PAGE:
Bioturbation plays an important role in changing the textural composition of the sediments after deposition. The burrowing organisms eat mud and thereby oxidise organic matter and physically destroy the primary lamination. Sediments overturned by bioturbation become more exposed to oxidation at the sea or lake bottom. Bioturbation may reduce the porosity and permeability of sandy laminae by mixing clay with clean sand. Bioturbation will also destroy thin clay laminae, which may significantly increase the vertical permeability and this may be very significant for reservoir quality. 
Undisturbed primary lamination may be evidence of rather rapid sedimentation giving little time for a burrowing bottom fauna to become established, or alternatively indicate strongly reducing conditions restricting the fauna. Black shales usually have well preserved lamination due to lack of burrowing organisms. The presence or absence of burrowing also influences the physical properties, particularly the difference in velocity and resistivity parallel and vertical to bedding (anisotropy) and this may be important for geophysical modelling. 
Burrowing worms produce faecal material which may develop into smectite-rich clays, which in turn may develop into chlorite coatings, thus improving reservoir quality. Early diagenetic formation of coatings on quartz grains is extremely important due to its role in preserving porosity at greater depth.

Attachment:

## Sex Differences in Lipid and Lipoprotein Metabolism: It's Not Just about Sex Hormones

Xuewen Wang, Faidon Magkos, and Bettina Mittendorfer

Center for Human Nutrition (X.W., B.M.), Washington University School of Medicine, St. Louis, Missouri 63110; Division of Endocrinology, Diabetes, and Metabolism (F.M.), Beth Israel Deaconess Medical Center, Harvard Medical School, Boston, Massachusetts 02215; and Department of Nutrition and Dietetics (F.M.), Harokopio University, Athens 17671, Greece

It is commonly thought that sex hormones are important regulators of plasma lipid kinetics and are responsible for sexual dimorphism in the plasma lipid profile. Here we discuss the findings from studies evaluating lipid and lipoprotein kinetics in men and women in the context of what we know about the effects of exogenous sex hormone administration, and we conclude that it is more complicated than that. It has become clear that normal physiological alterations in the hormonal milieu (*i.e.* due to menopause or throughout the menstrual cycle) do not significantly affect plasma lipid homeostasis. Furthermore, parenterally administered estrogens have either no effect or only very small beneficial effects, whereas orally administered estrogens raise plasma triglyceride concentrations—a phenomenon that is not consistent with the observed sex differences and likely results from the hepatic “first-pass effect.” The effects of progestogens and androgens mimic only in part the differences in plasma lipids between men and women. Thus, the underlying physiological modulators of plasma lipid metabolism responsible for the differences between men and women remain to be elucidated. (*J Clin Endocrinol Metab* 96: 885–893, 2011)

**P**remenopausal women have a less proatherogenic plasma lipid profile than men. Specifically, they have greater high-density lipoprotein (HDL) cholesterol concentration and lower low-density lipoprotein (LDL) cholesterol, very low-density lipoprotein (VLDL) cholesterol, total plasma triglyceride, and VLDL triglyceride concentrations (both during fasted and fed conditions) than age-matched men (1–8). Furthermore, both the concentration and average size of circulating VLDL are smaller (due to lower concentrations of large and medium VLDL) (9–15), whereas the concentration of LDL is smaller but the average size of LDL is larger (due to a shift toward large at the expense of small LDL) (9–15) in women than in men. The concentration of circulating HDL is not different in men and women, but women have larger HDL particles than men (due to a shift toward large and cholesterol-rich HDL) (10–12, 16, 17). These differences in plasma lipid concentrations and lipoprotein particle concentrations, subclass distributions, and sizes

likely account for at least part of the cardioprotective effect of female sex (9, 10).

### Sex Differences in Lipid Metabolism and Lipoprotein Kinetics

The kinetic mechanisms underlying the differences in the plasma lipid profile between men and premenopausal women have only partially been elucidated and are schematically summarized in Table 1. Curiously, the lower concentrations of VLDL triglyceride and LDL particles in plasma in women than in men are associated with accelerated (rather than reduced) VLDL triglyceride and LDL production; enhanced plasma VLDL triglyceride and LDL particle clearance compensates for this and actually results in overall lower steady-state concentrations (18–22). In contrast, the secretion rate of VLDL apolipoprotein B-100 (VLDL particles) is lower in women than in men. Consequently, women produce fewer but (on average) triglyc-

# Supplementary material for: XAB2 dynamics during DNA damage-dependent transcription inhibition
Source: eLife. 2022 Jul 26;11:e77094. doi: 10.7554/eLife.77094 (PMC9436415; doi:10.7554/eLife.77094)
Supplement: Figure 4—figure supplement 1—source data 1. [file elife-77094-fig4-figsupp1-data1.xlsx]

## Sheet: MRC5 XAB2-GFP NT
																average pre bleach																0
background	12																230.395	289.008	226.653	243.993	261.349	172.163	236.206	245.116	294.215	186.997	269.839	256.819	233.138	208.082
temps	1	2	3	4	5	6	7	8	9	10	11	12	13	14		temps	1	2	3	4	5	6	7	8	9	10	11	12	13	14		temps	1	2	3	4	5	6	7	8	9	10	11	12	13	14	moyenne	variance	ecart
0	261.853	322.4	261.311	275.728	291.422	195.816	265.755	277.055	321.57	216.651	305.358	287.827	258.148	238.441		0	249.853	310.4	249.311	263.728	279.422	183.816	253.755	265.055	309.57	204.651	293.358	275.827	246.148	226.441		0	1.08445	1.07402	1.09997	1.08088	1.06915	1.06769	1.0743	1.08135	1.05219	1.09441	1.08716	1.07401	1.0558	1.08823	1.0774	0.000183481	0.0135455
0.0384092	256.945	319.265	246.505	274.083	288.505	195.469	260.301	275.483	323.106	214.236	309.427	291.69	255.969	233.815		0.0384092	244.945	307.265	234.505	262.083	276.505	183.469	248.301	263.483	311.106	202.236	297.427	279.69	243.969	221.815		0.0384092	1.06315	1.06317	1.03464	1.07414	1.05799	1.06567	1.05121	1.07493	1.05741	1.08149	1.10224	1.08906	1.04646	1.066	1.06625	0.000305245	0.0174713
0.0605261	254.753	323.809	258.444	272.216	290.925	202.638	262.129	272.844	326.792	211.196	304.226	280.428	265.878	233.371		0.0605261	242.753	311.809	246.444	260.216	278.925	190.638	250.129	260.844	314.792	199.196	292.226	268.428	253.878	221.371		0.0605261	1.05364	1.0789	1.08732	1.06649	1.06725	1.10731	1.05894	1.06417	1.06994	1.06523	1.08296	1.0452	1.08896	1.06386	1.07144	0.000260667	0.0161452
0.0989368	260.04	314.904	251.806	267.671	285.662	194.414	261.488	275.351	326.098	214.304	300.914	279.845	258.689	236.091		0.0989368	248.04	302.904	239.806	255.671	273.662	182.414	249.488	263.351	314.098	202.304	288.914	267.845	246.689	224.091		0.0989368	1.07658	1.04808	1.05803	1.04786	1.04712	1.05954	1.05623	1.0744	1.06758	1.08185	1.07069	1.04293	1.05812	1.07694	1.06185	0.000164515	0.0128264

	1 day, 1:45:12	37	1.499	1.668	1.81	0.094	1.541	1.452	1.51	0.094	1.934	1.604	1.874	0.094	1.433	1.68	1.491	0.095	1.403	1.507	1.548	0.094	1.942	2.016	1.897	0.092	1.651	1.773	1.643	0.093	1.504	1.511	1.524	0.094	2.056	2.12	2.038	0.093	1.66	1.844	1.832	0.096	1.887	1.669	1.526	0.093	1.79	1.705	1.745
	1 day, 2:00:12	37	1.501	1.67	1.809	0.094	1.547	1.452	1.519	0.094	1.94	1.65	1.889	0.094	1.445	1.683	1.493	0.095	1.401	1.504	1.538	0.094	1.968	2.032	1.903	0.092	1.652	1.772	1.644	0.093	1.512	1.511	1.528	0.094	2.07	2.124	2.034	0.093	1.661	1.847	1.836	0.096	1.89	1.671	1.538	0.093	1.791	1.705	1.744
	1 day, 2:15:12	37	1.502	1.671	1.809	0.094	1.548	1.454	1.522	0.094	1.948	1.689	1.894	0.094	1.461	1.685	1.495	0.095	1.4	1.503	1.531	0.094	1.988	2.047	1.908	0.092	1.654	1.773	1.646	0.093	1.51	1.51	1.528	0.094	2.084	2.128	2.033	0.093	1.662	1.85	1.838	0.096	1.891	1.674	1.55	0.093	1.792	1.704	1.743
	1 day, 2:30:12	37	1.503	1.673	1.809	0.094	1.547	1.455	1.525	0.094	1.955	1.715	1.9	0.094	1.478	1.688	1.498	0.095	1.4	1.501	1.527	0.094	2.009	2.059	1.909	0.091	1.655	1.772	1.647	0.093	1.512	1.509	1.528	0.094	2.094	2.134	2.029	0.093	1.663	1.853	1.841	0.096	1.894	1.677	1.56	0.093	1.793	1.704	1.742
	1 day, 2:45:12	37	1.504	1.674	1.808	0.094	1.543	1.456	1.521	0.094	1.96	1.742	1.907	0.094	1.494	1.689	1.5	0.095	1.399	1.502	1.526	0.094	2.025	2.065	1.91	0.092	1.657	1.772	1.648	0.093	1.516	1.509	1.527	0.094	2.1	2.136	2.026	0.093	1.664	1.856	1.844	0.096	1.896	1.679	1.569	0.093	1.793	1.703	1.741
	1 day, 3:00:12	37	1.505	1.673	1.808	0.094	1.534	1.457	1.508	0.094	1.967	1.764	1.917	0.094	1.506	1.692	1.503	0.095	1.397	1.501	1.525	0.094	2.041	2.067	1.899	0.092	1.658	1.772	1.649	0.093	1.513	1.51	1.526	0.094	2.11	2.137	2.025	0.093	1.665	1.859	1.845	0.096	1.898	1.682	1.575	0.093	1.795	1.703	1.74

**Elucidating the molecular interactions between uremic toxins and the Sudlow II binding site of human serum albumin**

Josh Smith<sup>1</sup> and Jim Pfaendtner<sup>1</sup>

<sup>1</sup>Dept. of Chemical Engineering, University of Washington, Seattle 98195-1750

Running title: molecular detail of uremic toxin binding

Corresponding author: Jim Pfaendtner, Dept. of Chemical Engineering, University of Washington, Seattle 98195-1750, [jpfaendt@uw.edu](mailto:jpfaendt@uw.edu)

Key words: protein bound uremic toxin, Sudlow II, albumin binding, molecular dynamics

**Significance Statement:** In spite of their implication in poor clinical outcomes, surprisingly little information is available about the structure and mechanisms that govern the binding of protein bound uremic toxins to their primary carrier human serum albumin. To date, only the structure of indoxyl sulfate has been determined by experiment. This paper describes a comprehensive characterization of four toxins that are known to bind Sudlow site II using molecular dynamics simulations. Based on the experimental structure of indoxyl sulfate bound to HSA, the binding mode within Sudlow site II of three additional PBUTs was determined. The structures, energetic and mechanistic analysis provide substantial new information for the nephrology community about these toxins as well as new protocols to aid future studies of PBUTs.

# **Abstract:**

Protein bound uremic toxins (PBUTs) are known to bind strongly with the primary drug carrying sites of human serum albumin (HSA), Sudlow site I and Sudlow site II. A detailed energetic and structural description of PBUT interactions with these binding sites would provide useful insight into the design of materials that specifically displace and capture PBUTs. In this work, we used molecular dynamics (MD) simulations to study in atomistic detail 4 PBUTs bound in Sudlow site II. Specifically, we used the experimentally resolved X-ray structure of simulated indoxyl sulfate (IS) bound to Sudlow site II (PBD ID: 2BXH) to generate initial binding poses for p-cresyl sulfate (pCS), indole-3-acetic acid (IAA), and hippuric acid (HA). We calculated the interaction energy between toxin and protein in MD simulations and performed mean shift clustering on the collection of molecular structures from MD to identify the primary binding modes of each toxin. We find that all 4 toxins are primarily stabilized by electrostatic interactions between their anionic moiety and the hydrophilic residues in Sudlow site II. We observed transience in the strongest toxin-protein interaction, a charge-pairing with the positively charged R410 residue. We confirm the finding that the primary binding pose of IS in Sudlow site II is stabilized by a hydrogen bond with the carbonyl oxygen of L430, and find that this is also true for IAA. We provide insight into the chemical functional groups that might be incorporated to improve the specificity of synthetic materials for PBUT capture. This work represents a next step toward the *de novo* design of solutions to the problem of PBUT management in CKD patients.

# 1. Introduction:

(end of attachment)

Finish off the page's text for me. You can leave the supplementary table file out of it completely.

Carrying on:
Most clastic depositional environments have some organisms producing organic matter which, at least in part, is incorporated within the sediments. Both sandstones and mudstones nearly always contain significant amounts of biogenic material from calcareous, and sometimes also siliceous, organisms and this may later be an important source of carbonate and silica cement at greater burial depth. 
Marine organisms composed of aragonite dissolve during relatively shallow burial and calcite precipitates either as replacements within the fossils (neomorphism) or as cement in pore space between the grains. 
Carbonate cement in sandstones may form layers or concretions and in most cases is derived from biogenic carbonate, particularly from organisms composed of aragonite. Siliceous organisms composed of opal (diatoms or siliceous sponges) may be an important source of micro-quartz coatings on quartz grains at greater depth.